Earlier this year, I helped mentor a local edition of fast.ai’s Practical Deep Learning for Coders. Each mentor gave a brief talk on a given week’s subject, adding to the material covered in the recorded lectures. My talk (embedded below) supplemented the data ethics lesson. While the mere mention of the word ethics can elicit instant yawns from some people, the main message for me is that it’s critical for humans to think about the context and consequences of deploying machine learning models.
Unfortunately, this message sometimes gets muddied amidst the outrage about specific applications that conflict with the values of the outraged parties. But I believe it’s possible to transcend narrow moralities and agree that better outcomes arise when humans think deeply about their deep learning systems. Or to put it more bluntly, any fool can build machine learning models, but it takes thoughtful humans to build good artificial intelligence applications.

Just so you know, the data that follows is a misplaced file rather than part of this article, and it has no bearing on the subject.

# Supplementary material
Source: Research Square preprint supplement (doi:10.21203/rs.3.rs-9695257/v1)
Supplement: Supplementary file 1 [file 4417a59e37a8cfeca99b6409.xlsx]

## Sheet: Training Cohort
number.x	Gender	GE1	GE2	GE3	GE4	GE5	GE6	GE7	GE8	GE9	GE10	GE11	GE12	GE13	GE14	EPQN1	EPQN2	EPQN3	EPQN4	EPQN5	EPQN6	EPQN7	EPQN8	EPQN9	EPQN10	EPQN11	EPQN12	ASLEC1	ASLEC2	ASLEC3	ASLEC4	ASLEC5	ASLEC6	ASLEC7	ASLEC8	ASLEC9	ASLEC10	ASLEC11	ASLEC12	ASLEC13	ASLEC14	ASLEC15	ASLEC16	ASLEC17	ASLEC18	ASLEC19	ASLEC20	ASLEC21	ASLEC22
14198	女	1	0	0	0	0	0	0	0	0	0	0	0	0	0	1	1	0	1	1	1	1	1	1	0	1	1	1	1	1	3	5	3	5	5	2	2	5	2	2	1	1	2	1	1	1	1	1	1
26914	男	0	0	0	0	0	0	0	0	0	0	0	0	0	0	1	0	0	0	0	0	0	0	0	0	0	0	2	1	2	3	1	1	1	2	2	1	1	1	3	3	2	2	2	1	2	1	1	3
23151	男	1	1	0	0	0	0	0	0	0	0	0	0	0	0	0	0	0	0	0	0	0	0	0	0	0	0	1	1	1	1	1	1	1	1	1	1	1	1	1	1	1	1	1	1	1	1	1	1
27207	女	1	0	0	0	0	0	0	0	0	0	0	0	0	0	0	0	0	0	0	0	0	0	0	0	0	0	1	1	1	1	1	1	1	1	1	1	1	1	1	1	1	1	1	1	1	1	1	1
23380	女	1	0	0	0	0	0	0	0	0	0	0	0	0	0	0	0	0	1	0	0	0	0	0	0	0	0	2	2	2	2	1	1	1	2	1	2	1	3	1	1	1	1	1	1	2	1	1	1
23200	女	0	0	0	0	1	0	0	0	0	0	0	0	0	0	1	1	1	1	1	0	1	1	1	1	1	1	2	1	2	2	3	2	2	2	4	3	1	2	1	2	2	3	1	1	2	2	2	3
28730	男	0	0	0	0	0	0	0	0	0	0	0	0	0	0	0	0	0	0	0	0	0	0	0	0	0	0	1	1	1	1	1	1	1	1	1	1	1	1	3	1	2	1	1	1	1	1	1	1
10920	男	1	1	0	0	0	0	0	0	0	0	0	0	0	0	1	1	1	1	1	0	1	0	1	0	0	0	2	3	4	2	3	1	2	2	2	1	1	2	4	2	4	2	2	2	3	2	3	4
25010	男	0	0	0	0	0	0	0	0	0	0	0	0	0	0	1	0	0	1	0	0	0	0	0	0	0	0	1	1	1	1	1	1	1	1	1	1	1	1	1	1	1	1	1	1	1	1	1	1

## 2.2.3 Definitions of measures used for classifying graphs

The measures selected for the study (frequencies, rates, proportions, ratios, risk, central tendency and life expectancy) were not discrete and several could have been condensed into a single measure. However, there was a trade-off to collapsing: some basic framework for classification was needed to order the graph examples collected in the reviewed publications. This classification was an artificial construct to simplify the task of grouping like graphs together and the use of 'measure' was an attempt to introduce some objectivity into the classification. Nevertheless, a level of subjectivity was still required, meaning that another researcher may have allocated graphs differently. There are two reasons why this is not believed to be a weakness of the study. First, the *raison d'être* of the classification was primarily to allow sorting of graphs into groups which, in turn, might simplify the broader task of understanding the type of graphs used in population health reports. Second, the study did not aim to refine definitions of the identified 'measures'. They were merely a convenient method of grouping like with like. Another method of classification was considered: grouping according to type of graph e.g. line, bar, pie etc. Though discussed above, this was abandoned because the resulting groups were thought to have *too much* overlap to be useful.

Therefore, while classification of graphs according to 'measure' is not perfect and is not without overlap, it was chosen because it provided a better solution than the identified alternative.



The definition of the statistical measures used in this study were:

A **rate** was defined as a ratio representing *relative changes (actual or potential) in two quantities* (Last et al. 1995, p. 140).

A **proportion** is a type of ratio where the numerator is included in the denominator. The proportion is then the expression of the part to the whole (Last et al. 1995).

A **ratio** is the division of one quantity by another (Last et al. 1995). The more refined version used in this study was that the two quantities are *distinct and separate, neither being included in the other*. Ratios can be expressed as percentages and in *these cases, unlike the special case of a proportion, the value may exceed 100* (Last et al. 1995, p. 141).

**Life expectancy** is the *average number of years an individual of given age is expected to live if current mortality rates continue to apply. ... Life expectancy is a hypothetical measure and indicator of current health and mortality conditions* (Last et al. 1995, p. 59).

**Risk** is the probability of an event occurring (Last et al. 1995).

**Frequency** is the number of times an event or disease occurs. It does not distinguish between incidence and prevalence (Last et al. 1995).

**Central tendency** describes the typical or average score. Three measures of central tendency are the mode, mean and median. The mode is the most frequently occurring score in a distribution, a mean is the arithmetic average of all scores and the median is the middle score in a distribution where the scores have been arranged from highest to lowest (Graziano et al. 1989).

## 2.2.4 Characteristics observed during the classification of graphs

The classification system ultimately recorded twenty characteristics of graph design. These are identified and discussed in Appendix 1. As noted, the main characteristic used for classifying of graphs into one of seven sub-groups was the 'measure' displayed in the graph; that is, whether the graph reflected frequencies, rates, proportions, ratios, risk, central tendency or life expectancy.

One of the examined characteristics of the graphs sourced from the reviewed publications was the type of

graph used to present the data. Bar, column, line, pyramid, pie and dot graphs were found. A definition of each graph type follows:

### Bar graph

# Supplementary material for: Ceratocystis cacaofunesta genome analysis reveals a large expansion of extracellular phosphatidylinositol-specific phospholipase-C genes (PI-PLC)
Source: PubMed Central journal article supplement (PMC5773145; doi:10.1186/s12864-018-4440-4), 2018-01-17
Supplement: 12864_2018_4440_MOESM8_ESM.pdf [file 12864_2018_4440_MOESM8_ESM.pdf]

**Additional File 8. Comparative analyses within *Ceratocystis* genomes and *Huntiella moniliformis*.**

Of course, what constitutes good is an open question, which I touched on in the talk. Other key points include:
- The modelling context is much broader than any machine learning model. Considering context is where human brains shine.
- Thoughtlessness can have a negative impact on society and on your career.
- Moral values vary across time, space, cultures, and individuals, e.g., along five moral foundations.
- Any data scientist, machine learning engineer, or modern human should develop their critical thinking skills. The Calling Bullshit course from the University of Washington is a great starting point – essentially Data Literacy 101.
- Bullshit is easier to detect than call. Deciding on a level of bullshit calling is like tuning a model’s learning rate.
A good chunk of the talk was spent on the case study on criminal machine learning from the Calling Bullshit website. I was pleased with the level of engagement on this segment, especially since a lockdown forced us to deliver the class online at short notice. You can watch the full talk below (my part ends after 24 minutes), view the slides here, and check out supplementary materials from all mentors on GitHub.